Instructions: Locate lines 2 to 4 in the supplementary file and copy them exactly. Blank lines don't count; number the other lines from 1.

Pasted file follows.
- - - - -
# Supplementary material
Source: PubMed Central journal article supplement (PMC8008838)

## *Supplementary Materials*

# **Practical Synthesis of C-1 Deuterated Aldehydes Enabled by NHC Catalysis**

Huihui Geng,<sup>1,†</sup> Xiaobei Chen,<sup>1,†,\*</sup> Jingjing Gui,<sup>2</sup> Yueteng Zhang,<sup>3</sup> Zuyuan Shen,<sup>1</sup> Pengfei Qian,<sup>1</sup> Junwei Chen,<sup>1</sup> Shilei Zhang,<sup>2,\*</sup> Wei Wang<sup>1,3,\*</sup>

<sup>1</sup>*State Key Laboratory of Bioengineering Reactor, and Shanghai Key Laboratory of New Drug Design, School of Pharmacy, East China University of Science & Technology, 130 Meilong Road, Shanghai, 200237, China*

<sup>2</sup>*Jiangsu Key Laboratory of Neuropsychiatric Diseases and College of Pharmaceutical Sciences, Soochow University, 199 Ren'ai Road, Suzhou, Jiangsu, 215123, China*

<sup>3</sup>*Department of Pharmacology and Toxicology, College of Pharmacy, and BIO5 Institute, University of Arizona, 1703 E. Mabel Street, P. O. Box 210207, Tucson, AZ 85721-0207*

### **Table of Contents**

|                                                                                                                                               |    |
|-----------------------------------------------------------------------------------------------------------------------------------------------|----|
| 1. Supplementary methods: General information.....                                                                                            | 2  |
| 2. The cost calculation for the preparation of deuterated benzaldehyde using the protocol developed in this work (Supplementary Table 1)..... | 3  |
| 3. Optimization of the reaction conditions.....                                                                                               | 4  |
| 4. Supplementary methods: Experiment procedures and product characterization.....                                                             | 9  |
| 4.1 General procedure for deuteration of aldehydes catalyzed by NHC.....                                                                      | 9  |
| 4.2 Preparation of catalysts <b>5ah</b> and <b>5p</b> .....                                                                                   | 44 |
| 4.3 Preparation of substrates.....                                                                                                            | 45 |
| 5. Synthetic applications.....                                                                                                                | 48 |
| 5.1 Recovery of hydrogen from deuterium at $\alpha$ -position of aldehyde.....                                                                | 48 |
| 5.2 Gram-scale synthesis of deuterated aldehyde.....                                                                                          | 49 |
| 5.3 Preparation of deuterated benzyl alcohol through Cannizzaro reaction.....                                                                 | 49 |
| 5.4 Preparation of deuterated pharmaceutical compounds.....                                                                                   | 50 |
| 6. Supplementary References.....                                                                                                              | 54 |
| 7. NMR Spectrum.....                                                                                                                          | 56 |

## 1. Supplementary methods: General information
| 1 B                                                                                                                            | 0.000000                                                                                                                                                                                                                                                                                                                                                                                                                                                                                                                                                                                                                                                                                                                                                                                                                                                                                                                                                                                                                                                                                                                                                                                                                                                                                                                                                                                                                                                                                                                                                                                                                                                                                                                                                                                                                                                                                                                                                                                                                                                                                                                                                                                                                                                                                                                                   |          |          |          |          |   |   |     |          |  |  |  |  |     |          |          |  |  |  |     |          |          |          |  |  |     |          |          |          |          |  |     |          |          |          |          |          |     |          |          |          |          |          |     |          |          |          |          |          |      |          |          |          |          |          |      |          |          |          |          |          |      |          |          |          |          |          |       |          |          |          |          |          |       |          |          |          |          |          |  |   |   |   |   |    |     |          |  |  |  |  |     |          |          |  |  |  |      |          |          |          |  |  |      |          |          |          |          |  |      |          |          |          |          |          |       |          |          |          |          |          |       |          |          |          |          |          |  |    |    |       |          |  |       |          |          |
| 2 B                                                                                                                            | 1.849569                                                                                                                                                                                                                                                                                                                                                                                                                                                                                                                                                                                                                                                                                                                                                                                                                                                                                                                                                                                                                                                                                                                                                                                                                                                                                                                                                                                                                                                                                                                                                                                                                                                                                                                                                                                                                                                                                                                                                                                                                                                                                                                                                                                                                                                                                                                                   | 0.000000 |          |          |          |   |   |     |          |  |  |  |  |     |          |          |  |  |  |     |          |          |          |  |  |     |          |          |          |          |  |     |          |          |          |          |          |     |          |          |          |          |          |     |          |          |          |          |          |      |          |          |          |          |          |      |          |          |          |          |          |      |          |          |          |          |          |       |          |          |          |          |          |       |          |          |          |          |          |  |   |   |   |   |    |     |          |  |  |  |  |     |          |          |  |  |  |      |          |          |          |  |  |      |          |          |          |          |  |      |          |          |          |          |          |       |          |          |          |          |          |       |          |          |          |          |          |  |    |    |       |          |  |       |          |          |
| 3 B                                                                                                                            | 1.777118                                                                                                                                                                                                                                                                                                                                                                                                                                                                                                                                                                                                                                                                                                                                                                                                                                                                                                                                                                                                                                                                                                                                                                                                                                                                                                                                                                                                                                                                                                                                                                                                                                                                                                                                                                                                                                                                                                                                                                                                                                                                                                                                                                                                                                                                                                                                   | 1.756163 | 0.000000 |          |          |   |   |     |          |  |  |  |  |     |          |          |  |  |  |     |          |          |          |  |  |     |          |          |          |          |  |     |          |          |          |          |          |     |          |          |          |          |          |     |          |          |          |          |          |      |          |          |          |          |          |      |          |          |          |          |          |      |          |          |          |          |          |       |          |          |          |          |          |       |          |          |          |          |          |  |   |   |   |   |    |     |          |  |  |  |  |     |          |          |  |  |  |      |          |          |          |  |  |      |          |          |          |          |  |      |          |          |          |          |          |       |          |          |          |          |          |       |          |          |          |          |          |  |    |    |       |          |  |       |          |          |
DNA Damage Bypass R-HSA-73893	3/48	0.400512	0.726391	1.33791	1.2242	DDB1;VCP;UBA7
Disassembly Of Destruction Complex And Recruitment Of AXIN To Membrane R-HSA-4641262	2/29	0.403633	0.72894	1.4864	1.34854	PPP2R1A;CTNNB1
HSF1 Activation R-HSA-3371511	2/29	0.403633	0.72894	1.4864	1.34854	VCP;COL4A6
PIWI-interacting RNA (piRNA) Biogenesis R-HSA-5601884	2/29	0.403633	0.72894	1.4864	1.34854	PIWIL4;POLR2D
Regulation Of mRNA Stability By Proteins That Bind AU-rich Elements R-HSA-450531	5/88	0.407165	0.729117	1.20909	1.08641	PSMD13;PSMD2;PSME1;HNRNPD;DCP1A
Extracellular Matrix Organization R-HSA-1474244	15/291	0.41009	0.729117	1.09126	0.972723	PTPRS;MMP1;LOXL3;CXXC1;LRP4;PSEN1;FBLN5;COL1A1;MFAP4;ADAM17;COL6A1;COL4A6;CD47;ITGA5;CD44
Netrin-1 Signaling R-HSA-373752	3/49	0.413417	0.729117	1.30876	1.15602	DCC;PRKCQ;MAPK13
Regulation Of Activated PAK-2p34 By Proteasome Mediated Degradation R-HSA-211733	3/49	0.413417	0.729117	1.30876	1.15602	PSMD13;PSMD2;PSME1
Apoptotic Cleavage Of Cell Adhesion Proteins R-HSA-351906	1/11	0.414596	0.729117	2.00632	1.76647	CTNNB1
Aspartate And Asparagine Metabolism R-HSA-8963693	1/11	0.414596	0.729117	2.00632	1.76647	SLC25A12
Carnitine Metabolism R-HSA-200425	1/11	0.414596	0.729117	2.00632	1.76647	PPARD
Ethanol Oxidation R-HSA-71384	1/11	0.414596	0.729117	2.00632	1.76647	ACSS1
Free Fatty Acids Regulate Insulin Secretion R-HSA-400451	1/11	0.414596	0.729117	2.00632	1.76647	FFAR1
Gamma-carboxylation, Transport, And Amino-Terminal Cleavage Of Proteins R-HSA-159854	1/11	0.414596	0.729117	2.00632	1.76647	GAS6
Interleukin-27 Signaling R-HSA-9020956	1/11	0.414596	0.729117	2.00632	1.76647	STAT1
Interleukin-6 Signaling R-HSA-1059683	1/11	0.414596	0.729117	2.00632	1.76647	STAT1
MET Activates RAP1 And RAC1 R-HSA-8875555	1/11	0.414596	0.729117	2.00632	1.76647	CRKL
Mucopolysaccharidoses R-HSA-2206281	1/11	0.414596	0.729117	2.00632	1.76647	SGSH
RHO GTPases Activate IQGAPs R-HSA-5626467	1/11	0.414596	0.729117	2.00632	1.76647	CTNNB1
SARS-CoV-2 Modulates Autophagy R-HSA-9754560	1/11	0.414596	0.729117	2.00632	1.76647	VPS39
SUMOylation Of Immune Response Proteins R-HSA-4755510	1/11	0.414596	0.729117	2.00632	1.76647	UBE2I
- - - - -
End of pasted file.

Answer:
Source: PubMed Central journal article supplement (PMC8008838)

## *Supplementary Materials*

# **Practical Synthesis of C-1 Deuterated Aldehydes Enabled by NHC Catalysis**